“Chibuku must be drunk sitting down,” Peter Oushun says to her as she makes her way to take a seat next to him. He is the owner of the shop and has a habit of mingling with his customers as they indulge in drinking traditional beer at his tavern every day from 10 a.m. to 10 p.m.
It is 11 a.m. on Sunday, September 29. Of the taverns that are open for those returning from church services, only one is busting with life. Oushun Place on Beacon Road seems to be the place to be. Vibrant Kliptownian customers come in one by one, old with a few young ones, either ordering a Chibuku plain or the banana flavour which is the most requested by customers.
Customers sit on benches in the dark tavern with just the light from the sun making its way through the doorway. They sit in groups conversing and laughing about their stories from the weekend as if replicating the traditional customs of families conversing over a jug of traditional umqombothi. The tavern is simple and the atmosphere is peaceful. Everyone is laid back and relaxed, sipping their own “khathun” (carton) of Chibuku.
Margret continues to drink hers. She doesn’t seem bothered by the fact she is the only woman drinking in the tavern at that time. She has been one of Peter’s loyal customers since 1976.
“I prefer Chibuku more than bottled beer. Bottled beer is acid,” she says. Peter nods his head in agreement just as he is about to give a breakdown of how he believes that Chibuku can change Africa’s problems.
The 87-year-old man loves to talk about the traditional beer business that took him and his family from rags to riches.
Beer built my home and family
To the left of the bartenders’ window, there is a black gate which divides the tavern from Peter’s home, in the style of many of the homes connected to businesses in Soweto.
There are two doors. Behind one is the storage room for all the Chibuku bought from South African Breweries (SAB), and the other leads to Peter’s home.
Peter sits in the sitting room on a green leather sofa watching the crime channel via his DStv decoder on a big plasma television. On the walls hang photos of his family and quotes about African culture and freedom.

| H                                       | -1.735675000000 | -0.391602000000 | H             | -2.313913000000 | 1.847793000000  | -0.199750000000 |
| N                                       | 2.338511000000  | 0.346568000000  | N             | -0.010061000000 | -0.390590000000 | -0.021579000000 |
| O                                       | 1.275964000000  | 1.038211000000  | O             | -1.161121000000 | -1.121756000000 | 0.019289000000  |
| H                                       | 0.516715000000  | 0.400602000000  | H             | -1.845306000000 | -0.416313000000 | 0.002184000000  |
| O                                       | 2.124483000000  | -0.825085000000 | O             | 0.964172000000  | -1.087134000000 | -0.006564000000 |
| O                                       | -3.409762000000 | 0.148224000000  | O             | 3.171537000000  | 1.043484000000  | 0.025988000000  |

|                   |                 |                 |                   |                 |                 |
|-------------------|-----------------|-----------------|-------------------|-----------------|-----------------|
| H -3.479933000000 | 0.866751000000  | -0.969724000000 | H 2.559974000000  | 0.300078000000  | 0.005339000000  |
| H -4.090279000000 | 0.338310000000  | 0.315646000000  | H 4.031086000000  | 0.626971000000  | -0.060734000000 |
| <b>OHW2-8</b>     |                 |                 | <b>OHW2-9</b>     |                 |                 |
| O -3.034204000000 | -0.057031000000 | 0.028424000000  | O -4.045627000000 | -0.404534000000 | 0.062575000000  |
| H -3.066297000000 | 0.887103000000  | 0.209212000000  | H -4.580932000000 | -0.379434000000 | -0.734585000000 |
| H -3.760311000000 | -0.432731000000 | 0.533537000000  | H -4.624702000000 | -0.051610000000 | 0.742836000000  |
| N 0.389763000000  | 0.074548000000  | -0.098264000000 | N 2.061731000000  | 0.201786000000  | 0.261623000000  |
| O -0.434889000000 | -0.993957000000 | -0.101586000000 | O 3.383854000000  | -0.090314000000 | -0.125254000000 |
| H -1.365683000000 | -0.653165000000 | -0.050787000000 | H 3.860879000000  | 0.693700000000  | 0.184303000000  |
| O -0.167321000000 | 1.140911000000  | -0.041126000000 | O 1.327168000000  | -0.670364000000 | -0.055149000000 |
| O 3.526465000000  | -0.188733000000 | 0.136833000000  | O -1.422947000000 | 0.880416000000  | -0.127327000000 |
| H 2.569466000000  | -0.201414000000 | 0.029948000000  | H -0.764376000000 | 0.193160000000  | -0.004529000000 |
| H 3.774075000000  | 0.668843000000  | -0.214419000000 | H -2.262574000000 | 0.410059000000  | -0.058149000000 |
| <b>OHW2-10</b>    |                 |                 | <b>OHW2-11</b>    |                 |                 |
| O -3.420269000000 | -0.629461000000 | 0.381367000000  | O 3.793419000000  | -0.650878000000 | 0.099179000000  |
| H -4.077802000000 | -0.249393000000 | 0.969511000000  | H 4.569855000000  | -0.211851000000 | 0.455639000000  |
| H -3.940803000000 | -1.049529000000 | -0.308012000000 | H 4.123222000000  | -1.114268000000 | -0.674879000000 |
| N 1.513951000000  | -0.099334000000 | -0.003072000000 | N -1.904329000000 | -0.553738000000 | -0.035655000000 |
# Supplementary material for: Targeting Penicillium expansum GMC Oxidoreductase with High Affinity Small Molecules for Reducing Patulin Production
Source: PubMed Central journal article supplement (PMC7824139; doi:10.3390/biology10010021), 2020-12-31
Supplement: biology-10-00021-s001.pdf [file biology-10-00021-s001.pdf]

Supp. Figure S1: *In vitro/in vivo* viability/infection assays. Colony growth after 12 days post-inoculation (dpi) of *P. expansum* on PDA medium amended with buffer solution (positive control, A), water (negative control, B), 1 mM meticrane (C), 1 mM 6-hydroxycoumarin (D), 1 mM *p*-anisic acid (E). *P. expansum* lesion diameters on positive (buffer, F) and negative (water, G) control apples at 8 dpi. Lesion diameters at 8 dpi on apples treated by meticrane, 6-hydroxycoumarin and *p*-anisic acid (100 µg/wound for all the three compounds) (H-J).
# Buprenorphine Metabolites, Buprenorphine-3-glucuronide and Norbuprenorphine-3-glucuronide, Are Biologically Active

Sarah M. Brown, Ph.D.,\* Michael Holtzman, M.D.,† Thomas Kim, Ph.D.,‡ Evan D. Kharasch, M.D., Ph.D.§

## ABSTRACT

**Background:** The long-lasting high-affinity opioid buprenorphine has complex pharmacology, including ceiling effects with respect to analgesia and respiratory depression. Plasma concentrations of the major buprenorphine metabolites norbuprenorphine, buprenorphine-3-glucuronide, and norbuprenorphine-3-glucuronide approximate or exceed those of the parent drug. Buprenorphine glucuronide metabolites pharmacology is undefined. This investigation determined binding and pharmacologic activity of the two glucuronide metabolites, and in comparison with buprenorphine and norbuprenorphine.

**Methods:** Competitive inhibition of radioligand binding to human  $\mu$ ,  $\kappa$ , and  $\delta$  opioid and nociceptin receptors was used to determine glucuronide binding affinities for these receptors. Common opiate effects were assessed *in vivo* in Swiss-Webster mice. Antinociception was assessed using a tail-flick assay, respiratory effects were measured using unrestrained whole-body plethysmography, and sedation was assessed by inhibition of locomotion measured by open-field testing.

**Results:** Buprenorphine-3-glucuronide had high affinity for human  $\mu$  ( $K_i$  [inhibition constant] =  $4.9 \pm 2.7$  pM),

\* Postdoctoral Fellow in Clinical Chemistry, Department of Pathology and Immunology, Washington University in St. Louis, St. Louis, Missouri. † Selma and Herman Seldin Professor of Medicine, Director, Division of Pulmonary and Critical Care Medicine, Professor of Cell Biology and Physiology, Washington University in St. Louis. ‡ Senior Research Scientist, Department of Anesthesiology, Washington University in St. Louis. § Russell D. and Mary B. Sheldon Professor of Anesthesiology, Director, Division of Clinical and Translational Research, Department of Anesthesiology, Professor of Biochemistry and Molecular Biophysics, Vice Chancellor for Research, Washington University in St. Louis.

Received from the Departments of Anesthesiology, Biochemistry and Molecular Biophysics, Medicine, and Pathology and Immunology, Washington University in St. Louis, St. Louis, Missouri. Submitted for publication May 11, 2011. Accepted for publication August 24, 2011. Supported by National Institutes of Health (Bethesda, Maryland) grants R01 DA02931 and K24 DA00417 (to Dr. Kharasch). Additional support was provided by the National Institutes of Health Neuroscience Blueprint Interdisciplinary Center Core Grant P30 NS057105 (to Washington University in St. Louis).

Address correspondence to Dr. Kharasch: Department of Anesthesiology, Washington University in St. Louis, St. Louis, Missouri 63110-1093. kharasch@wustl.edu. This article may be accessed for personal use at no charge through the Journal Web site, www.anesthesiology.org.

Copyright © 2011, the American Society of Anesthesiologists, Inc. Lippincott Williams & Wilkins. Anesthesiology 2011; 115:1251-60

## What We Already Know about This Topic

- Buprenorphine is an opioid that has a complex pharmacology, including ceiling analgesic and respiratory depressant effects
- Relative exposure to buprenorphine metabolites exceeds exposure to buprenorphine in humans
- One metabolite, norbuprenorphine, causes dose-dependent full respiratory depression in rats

A rotating fan blows cooling air, although he is dressed in a winter hat, black sweater and thick red woolen trousers.
“You know I started this business with just five cases in 1976,” he says. Peter explains that in those days, people didn’t want to drink Chibuku. “It was very low among the coloured people.
They used to call it kaffir beer.” He knew an Indian man named Chunara who owned a Chibuku store which was closing down.
“I am going away, coloured people don’t drink this,” Chunara had said to Peter.
At the time Peter had just left his job as a vendor selling sweets on the train. He then bought the land and shop from Chunara.
According to Peter’s granddaughter and heir, Shoenelle Ogbonmwan, Peter slept in the empty shop for six months trying to protect it from thieves. It was the year that beer halls in townships were burnt down.
“I then went to Langlaagte to speak to the white man,” Peter continues. “I asked him, ‘How can I promote this business?’” The ‘white man’ offered him five cases to sell. “I went there to a coloured street called Pampam to promote it there, especially to young people, and it was sold out. I went back and sold 10 cases. I asked for more until I ended up with 5000 cases.”
One of the tavern employees comes in and asks Peter if he is ready to have his lunch. She brings him some biryani and beetroot.
“But, you see, people undermine me; they think ama-khathun,” he says laughing, as he holds a spoonful of food. “Everybody undermines me but they don’t know kanti I’m doing it! Do you see my home? Even my children in town have nice houses because of this business. I’ve got one who drives a BMW and the other has a nice house in the suburbs. It’s all because of me!”
Shoenelle confirms this when she says, “He bought me my first car, my first townhouse, because of this shop.” Oushun Place has sustained three generations: Peter, Peter’s daughter Shyanne, and her daughter Shoenelle.
The beer necessities
It is now 1pm. Different faces can be spotted back in the tavern, many of them elderly coloured men. They stare at me with bewildered eyes.
They seem to be wondering what a 23-year-old girl black girl dressed in polka-dot a skirt, holding a camera and notebook, could be doing in this tavern?
Marget is sipping her third round of Chibuku. This time she is seated at a table with two gentlemen, very quiet men who have travelled from Johannesburg to Kliptown for a drink at Oushun Place. I join them, and Peter joins us.
“You know, ever since I have been drinking this, I do not get constipation,” Margret says, looking at me with a wise, wrinkled face, and eyes with the irises circled with grey lines. Peter jumps in the conversation to add more benefits of Chibuku.
He has philosophies about them written up on the walls inside and outside the tavern. “Sorghum beer is good for pregnancy, breastfeeding and high blood pressure”; “One Africa One Hair, One nation”; and “Chibuku, one mashangane, the beer of Africa”.
n 2014 the Gauteng Liquor Board (GLB) introduced new regulations which significantly affected Oushun Place. One was that, “Taverns and pubs have been merged into a single category licence” and another, “Shebeen licence traders will only be allowed to sell alcohol until 10 pm. during the week”.
These were attempts to curb noise pollution in residential areas and to limit negative exposure of children and residents to beer.
Peter does not agree. He insists that because Chibuku is a traditional beer it should not have the same regulations as regular alcohol.
“Chibuku is a breakfast for blacks before they go to work!” he says passionately.
“I’m not selling beer, I am selling sorghum!” he added. Through this logic, it makes no sense for the tavern to open at 10 a.m. As a result of his belief Peter says he once had to sleep in jail because he refused to get a liquor licence.